The boards of Swedish listed companies are becoming ever more female, with this change speeding up in recent years to a point where 44.9% of newly elected non-executive directors are now women, according to research by Sweden’s second AP pensions buffer fund.

The news that diversity has improved came as AP2 also announced nearly 20 fossil-fuel divestments from its portfolio.

The SEK300bn (€32bn) pension fund’s 2016 Female Representation Index showed the percentage of women on the boards of companies quoted on Nasdaq Stockholm is continuing to rise, and now stands at 30.7%, up from 27.9%  in the previous year.

The share of women on executive boards had also risen, reaching 20.9% from 19.5% the year before, it said.

Eva Halvarsson, AP2’s chief executive, said: “I believe this clearly demonstrates that stakeholders and nomination committees have become better at utilising the full range of competence available – and that the pace of this change-process is accelerating.”

At the rate of change seen over the last 12 years, it would now take 25 years for women to fill half of non-executive board seats, and 37 years for the same balance to be achieved on executive boards, she said.

“However, with a pace of change similar to the past three years, it will take only 10 years before corporate boards and 23 years before executive managements achieve 50% female representation,” Halvarsson said.

Out of the 286 companies in the survey, at 202 companies at least a quarter of non-executive board members were female in this latest survey, up from 170 firms reporting this level of representation in 2015.

AP2 said 27 companies in the survey had no female non-executive board members and 80 had no women at all on their executive boards.

The proportion of female chairs and chief executives remains at a low level, the pension fund said, though this had risen respectively to 6.3% in 2016 from 5.2 the year before, and to 5.2% from 4.5%.

Meanwhile, AP2 also announced it was selling off about SEK550m of equities by divesting 11 coal and eight oil-and-gas production companies.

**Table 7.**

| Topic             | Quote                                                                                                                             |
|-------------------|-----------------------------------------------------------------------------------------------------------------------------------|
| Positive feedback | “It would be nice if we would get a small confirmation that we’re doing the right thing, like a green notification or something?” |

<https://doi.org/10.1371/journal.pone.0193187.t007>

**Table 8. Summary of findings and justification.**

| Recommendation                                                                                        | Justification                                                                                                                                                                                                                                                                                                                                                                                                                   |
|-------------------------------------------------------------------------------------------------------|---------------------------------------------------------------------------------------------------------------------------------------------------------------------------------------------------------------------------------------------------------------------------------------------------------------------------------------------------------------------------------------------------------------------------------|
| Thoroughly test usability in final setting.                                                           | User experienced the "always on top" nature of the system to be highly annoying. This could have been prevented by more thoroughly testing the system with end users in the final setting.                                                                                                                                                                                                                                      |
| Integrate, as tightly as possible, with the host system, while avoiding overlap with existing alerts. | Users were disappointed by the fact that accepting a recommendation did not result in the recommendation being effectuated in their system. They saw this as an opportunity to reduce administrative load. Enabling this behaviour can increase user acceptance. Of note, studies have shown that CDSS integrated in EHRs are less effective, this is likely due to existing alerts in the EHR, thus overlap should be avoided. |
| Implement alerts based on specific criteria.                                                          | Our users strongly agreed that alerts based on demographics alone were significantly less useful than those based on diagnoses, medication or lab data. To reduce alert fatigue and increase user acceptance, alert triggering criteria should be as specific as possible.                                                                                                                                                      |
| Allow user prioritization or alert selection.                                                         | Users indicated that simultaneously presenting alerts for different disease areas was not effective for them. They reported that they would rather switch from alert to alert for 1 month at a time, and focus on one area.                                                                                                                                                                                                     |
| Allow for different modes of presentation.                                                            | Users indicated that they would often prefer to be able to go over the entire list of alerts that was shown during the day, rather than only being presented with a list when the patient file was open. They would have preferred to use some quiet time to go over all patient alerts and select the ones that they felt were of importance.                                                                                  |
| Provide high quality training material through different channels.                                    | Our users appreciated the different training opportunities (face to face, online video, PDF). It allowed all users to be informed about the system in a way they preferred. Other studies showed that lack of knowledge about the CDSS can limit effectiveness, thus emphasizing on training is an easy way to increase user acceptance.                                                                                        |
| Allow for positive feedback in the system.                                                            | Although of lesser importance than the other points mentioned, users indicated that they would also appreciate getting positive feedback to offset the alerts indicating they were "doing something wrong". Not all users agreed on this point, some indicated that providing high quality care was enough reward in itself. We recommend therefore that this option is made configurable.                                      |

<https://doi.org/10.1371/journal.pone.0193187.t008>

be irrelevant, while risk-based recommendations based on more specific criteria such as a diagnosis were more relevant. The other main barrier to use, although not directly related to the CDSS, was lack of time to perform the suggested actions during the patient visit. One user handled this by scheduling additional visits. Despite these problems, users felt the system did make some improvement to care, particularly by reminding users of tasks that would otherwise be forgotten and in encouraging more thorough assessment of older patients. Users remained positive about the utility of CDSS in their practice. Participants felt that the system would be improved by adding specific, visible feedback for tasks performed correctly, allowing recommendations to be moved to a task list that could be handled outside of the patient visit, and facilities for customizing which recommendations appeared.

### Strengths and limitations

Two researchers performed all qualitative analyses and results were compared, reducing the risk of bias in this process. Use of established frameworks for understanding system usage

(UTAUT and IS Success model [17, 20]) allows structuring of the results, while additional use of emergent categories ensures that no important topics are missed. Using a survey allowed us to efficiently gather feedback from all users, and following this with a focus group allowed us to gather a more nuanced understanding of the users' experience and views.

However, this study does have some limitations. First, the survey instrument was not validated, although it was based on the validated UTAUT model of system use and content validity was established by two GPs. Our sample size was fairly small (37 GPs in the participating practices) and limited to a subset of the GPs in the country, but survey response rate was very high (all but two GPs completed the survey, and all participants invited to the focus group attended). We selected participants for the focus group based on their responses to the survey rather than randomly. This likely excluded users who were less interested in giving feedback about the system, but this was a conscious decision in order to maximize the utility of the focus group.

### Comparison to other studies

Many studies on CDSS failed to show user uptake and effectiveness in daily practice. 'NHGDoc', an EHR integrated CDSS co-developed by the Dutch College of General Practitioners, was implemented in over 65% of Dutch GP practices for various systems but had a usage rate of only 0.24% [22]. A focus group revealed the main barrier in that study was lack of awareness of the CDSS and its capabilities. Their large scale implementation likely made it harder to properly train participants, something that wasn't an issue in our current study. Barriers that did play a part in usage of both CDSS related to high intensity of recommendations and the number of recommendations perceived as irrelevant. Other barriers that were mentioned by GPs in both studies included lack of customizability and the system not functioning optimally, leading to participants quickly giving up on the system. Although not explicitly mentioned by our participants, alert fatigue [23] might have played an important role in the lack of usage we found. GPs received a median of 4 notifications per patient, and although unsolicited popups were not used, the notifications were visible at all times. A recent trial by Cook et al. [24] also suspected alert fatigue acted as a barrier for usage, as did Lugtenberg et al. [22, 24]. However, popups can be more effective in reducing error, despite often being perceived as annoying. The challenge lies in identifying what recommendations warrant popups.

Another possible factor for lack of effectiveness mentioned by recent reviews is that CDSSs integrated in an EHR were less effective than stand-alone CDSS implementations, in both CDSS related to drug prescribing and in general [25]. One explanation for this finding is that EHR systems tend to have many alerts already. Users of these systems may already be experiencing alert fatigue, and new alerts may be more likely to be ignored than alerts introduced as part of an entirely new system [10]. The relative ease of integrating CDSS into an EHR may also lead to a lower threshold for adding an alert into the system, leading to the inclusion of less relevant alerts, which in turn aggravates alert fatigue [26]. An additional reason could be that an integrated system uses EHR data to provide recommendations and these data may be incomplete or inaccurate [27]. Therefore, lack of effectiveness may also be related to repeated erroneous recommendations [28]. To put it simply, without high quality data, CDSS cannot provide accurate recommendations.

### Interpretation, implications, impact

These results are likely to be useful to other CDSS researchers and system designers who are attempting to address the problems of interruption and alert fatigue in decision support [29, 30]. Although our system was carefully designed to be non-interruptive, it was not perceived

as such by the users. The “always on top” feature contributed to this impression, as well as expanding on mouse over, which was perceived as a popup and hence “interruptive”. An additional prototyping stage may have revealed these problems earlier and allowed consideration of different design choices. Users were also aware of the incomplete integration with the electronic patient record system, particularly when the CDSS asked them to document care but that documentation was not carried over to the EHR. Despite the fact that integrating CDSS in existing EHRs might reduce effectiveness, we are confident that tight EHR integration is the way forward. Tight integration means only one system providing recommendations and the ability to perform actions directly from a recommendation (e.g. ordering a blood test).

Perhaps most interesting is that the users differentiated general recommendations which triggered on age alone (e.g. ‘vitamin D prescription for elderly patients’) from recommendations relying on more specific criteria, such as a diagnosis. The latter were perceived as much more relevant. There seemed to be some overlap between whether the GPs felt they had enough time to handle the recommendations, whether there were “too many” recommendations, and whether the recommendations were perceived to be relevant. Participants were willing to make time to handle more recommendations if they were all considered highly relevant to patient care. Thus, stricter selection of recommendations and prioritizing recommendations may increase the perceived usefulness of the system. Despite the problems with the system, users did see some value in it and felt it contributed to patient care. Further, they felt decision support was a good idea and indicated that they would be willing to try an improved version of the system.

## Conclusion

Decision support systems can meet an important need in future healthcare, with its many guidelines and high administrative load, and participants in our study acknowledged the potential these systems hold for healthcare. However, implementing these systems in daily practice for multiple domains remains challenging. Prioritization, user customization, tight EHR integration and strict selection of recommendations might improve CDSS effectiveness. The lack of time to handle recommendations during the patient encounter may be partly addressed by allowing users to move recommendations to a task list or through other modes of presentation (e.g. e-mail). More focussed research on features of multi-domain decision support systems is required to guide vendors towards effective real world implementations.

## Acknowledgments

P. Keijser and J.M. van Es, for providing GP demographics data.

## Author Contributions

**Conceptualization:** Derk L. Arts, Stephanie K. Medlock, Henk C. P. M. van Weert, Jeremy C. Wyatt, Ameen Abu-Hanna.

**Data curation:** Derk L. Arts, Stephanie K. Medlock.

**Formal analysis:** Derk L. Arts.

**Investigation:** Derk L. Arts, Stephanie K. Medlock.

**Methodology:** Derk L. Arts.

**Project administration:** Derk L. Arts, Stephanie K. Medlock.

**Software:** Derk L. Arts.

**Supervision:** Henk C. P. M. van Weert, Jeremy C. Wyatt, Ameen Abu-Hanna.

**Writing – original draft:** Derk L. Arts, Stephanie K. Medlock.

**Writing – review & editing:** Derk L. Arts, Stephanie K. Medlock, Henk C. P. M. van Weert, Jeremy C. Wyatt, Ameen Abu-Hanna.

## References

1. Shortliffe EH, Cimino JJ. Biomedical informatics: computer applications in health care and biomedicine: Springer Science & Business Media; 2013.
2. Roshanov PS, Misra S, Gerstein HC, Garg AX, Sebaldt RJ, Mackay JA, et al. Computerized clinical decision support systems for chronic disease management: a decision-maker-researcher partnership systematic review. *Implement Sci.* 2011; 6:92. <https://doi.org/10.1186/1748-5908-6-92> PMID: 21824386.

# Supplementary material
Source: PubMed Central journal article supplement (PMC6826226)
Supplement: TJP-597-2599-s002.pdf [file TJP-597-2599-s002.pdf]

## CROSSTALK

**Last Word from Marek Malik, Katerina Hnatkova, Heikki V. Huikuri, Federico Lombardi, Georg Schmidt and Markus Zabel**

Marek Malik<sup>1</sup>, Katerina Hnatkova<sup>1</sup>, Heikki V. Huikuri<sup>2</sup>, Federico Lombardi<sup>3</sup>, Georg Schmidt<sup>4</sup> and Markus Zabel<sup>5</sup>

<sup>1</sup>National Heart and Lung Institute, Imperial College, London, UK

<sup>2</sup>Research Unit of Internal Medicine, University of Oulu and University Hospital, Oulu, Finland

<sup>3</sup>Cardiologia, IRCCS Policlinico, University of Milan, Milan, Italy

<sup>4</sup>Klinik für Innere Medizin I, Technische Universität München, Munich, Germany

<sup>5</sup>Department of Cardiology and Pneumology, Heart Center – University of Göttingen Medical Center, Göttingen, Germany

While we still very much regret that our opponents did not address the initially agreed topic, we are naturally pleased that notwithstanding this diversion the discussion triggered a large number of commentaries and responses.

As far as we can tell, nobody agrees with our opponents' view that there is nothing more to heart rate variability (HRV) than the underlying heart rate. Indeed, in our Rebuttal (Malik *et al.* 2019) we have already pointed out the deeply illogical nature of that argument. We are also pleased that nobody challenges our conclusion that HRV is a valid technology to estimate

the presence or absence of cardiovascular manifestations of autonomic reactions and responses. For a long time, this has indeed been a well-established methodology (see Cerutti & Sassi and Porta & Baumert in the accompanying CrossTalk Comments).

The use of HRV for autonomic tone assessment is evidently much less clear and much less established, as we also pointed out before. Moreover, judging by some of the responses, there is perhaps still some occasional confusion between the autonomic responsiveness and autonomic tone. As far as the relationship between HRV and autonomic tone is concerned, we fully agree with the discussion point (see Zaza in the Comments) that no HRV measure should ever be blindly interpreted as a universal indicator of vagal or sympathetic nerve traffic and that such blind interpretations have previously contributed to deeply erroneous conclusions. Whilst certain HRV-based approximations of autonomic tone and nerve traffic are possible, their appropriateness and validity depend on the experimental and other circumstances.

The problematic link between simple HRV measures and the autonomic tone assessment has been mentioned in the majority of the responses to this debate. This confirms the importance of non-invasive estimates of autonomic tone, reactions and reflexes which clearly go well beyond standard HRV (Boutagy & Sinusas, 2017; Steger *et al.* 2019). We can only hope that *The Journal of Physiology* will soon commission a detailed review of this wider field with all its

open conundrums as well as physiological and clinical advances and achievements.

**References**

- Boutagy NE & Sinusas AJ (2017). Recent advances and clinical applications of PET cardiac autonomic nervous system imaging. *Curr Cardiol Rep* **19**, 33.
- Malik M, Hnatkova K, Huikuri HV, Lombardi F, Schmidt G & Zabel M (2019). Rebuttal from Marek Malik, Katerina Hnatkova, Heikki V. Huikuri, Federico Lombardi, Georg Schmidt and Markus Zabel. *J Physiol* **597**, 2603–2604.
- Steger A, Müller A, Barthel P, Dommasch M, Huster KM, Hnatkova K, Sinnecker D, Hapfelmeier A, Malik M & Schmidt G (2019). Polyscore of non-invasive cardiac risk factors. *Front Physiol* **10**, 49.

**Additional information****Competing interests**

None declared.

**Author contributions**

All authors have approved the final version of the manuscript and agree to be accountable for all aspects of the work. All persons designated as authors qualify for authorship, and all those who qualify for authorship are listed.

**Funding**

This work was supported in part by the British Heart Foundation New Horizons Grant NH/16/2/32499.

The move was aimed at further reducing its exposure to financial risk in fossil-fuel production, the pension fund said.

The capital released from these asset sales has been reinvested across all sectors, it said.

Halvarsson said that in assessing the financial impact of climate risks on portfolio companies, AP2’s concern was to find out whether these risks had been factored into their market price. 

“Both our analysis of fossil-energy companies and our assessment of the energy sector at the close of last year have been conducted in strict adherence to the fund’s stated mission, namely — to take ethical and environmental concerns into account, without abandoning the broad goal of a maximum return on assets,” she said.

Back in 2014, the fund divested its holdings in 20 companies following its first risk assessment of fossil-fuel production companies which focused on their potential climate impact, it said.

The latest batch of fossil-fuel stocks to be sold off have been divested as a result of AP2’s annual follow-up to this original assessment carried out at the end of December 2015.

Apart from the divestments, AP2 said a single oil-and-gas production company had been reinstated to its benchmark index, because the fund’s criteria for divestment no longer applied to this firm.

In all, it said it has now divested its holdings in 23 coal and 15 oil-and-gas companies.